Mike Isaac

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Twitter Faces $124 Million Lawsuit Over Private Share Sale

lawsuits_380-featureTwo financial firms filed a $124 million lawsuit against Twitter on Wednesday, just days before the microblogging company is set to debut on the New York Stock Exchange.

The firms, Precedo Capital Group and Continental Advisors, alleged that Twitter intentionally orchestrated a failed private sale of its shares in an attempt to increase investor interest before the company’s initial public offering.

According to the suit, “Twitter’s intention was to induce Precedo Capital and Continental Advisors to create an artificial private market wherein Twitter could maintain that a private market existed at or about $19 per share for the Twitter stock,” the document states. That, in turn, would allow Twitter to set an artificial price floor for its IPO near the top of the $17-$20 price range it had set, giving the company a $10.9 billion valuation at most.

“We’ve never had a relationship with these plaintiffs,” Jim Prosser, a Twitter spokesman, told AllThingsD. “Their claim is completely without merit.”

The firms allege that Twitter was motivated by the problems around secondary-market share sales that would eventually plague Facebook’s IPO, and sought to avoid an excess of shares hitting the market. To do this, the firms said, Twitter terminated an agreement it had with GSV Asset Management — an approved Twitter stock buyer — in which GSV was allowed to sell nearly $280 million in Twitter shares on the secondary market.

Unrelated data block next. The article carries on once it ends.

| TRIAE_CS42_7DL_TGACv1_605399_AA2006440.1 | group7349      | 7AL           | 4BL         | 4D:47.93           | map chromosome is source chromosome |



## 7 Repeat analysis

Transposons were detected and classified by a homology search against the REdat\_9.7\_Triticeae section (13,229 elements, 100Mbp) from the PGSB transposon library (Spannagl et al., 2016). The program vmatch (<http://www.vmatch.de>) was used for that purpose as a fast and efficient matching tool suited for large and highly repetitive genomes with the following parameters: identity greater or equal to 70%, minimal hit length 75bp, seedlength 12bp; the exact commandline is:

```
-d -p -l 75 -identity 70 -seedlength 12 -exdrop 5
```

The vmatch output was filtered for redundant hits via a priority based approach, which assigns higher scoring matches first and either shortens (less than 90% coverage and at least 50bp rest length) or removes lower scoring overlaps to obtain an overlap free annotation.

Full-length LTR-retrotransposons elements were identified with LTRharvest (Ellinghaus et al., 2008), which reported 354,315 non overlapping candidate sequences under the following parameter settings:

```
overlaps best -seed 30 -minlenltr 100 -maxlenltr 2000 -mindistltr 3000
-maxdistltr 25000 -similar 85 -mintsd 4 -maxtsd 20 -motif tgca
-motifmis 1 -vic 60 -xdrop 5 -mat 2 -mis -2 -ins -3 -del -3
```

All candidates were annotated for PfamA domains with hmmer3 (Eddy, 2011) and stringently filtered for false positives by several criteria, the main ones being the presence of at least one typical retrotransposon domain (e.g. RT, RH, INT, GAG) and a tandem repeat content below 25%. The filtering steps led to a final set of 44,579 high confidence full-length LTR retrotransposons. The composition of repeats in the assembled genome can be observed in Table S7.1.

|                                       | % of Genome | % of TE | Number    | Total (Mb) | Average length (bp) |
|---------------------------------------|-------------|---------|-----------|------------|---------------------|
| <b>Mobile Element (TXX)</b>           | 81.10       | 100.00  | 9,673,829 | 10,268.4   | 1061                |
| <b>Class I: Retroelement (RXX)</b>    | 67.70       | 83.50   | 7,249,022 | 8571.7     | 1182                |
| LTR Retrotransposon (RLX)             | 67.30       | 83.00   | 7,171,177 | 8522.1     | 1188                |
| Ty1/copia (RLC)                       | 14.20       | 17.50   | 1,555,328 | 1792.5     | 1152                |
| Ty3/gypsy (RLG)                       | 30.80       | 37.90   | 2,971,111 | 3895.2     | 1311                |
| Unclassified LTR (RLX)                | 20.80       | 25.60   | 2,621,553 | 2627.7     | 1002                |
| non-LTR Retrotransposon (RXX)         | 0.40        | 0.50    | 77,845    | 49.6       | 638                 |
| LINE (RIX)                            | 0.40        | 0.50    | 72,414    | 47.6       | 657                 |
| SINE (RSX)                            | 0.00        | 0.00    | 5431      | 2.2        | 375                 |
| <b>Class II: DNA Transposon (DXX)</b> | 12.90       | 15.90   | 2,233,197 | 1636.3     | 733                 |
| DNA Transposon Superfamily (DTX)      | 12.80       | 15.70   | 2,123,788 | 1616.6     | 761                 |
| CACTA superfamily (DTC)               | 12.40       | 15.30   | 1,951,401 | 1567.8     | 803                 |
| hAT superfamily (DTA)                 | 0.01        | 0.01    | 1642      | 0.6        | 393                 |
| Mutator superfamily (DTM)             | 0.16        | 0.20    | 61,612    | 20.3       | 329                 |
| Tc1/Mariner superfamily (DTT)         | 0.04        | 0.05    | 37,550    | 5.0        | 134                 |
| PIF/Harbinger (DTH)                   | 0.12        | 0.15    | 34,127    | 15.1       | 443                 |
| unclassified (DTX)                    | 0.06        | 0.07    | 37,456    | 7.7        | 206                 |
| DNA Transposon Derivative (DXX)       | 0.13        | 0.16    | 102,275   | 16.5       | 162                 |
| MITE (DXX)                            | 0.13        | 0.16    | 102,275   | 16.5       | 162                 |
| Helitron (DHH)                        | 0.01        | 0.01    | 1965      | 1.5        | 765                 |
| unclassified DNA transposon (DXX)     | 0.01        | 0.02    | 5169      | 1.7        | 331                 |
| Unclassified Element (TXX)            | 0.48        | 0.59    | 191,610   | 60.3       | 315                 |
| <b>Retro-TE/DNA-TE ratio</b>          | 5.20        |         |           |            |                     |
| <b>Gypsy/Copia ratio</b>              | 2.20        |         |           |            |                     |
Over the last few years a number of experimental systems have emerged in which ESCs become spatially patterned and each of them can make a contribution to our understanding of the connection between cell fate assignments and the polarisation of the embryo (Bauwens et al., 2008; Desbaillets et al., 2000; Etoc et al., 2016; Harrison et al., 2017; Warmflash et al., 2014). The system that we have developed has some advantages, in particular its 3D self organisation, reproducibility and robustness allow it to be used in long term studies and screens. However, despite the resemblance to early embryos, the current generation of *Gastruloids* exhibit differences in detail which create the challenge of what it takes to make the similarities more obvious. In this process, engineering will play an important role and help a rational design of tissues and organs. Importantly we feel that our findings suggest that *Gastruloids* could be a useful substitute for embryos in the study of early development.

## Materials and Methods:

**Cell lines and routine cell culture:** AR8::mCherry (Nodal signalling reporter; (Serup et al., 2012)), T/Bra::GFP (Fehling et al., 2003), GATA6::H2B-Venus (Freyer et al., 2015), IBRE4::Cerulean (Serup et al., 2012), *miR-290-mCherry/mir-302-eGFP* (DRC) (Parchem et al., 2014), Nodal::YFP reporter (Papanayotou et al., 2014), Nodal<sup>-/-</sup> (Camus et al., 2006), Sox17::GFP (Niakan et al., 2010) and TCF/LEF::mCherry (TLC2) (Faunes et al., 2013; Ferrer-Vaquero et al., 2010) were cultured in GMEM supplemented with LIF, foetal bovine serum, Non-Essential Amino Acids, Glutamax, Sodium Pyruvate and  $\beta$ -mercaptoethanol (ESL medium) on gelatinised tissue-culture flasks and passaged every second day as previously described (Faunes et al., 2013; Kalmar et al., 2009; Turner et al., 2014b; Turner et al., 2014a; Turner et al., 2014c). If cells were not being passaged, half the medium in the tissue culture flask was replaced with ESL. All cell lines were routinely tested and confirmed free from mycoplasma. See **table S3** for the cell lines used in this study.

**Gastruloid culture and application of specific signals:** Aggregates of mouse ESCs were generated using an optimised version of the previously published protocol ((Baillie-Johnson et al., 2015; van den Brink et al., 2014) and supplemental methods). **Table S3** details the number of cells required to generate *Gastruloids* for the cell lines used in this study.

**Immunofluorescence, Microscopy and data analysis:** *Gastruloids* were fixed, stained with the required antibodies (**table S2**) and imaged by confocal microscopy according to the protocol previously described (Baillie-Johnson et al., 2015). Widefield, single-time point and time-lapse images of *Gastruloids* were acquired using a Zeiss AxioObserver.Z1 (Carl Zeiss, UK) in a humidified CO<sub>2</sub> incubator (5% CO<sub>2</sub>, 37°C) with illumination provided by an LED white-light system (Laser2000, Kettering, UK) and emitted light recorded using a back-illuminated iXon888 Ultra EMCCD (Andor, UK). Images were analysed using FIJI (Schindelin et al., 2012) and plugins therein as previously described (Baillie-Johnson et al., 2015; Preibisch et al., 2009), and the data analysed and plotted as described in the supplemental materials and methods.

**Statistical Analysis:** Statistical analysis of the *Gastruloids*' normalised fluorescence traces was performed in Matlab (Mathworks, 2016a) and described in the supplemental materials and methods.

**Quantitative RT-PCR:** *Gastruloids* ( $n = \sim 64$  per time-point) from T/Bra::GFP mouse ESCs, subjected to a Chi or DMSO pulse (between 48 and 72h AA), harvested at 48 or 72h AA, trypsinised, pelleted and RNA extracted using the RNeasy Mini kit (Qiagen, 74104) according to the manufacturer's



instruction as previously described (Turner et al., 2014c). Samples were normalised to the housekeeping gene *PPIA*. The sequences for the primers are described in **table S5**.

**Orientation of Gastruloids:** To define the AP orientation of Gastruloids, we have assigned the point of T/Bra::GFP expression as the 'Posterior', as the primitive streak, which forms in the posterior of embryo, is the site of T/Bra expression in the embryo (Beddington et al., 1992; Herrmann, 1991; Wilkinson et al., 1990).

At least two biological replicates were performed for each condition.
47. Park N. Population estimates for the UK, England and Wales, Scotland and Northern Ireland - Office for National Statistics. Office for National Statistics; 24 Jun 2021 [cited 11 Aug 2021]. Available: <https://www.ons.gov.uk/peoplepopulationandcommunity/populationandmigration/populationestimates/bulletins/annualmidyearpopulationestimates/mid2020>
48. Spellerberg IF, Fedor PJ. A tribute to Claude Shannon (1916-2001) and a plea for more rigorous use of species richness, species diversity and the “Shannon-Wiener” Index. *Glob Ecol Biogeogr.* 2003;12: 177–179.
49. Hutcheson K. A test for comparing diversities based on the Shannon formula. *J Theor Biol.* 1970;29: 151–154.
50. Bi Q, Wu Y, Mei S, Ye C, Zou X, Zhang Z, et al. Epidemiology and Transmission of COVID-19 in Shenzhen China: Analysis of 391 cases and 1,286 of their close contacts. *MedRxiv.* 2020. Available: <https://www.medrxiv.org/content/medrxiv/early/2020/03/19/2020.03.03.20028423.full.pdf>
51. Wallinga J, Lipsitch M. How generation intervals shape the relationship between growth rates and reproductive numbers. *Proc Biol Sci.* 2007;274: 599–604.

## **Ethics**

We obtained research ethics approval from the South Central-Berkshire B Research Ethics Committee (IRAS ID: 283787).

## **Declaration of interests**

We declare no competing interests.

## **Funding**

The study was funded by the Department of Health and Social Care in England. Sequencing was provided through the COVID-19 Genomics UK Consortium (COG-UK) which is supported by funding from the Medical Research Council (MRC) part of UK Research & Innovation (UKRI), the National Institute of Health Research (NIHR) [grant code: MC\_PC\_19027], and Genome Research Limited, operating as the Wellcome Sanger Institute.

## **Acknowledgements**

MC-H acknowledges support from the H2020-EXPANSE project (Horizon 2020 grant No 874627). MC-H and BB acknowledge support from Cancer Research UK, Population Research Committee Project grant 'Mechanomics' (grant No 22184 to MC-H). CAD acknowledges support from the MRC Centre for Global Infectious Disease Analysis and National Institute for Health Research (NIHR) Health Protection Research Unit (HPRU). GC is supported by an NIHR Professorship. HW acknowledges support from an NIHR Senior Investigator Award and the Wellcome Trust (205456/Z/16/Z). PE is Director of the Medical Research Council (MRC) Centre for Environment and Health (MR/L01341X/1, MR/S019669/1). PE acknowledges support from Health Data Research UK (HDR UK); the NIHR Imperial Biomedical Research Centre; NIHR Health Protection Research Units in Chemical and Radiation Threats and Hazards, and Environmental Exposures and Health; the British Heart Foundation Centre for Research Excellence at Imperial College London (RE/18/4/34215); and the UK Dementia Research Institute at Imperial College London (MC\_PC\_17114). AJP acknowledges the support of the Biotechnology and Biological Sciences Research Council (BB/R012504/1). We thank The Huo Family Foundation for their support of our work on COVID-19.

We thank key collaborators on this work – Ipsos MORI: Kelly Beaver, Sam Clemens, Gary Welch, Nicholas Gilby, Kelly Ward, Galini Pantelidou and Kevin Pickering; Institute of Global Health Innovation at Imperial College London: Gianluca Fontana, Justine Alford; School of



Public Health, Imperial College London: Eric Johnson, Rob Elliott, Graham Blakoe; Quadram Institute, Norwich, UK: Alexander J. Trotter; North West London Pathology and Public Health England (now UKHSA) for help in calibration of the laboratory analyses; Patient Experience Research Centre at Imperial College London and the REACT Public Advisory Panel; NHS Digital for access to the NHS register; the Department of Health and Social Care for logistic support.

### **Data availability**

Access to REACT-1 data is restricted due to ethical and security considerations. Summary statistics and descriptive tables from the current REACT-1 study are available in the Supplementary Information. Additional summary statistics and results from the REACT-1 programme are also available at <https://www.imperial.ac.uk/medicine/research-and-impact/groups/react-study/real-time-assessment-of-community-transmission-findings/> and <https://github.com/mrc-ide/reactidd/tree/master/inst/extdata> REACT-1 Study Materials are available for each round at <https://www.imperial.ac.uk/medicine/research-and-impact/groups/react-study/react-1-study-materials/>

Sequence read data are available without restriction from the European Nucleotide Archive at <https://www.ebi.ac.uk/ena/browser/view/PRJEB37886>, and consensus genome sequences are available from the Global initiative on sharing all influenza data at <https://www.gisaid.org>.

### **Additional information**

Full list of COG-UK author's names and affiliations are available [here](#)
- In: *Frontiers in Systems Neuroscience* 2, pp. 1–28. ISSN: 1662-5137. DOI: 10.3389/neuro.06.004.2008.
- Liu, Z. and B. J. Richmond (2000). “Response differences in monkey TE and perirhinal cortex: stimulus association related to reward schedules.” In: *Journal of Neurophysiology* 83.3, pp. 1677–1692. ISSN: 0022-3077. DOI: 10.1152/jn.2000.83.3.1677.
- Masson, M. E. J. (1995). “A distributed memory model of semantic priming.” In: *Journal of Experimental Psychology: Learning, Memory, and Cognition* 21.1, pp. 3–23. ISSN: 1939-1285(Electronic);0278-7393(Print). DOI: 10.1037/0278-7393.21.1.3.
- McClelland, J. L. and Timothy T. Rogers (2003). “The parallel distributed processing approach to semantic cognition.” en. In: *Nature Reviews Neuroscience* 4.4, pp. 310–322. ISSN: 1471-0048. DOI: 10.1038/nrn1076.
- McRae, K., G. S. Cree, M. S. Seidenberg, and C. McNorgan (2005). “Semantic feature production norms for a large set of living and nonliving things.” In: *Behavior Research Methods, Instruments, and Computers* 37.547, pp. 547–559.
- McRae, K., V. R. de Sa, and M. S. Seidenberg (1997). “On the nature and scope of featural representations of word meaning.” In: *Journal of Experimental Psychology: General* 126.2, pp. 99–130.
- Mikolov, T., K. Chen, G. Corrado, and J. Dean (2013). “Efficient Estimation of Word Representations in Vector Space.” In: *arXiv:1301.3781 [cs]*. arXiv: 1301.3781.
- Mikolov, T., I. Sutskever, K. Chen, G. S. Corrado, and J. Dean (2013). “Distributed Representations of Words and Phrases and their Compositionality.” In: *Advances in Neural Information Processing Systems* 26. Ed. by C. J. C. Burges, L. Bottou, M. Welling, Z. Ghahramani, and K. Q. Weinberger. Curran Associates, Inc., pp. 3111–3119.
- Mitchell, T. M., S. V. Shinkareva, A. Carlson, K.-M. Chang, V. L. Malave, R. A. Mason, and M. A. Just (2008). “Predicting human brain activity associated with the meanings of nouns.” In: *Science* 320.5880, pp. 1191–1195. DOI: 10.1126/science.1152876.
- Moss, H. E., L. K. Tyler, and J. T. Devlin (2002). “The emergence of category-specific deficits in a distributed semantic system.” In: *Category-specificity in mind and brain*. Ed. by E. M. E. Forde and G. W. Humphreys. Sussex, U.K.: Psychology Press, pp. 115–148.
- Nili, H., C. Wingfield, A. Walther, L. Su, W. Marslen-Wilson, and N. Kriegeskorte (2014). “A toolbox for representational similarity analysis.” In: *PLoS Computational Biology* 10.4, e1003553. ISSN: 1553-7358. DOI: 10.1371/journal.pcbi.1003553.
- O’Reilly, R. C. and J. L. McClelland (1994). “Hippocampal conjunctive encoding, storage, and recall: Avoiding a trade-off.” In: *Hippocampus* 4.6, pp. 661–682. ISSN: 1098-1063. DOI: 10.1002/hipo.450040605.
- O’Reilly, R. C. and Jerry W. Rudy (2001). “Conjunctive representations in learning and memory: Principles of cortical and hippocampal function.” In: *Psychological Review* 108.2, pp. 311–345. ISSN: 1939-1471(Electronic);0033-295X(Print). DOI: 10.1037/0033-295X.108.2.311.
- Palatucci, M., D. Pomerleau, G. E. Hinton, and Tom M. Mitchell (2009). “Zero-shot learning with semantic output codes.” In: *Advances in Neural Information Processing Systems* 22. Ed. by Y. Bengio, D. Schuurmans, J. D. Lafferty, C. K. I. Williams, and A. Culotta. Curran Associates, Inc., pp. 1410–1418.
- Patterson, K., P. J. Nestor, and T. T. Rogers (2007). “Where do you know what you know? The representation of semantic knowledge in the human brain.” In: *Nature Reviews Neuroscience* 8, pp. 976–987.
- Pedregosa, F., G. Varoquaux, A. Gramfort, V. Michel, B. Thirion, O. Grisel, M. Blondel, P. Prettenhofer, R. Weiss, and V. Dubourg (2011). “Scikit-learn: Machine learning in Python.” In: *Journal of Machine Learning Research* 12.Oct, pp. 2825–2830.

Precedo Capital and Continental Advisors intended to purchase shares from GSV through that since-terminated agreement, but now allege that Twitter never intended to allow the stock sales to occur.

Read the lawsuit in its entirety below:

[scribd id=180277240 key=key-178ixg6mu5om6hxgx207 mode=scroll]

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Just as the atom bomb was the weapon that was supposed to render war obsolete, the Internet seems like capitalism’s ultimate feat of self-destructive genius, an economic doomsday device rendering it impossible for anyone to ever make a profit off anything again. It’s especially hopeless for those whose work is easily digitized and accessed free of charge.

— Author Tim Kreider on not getting paid for one’s work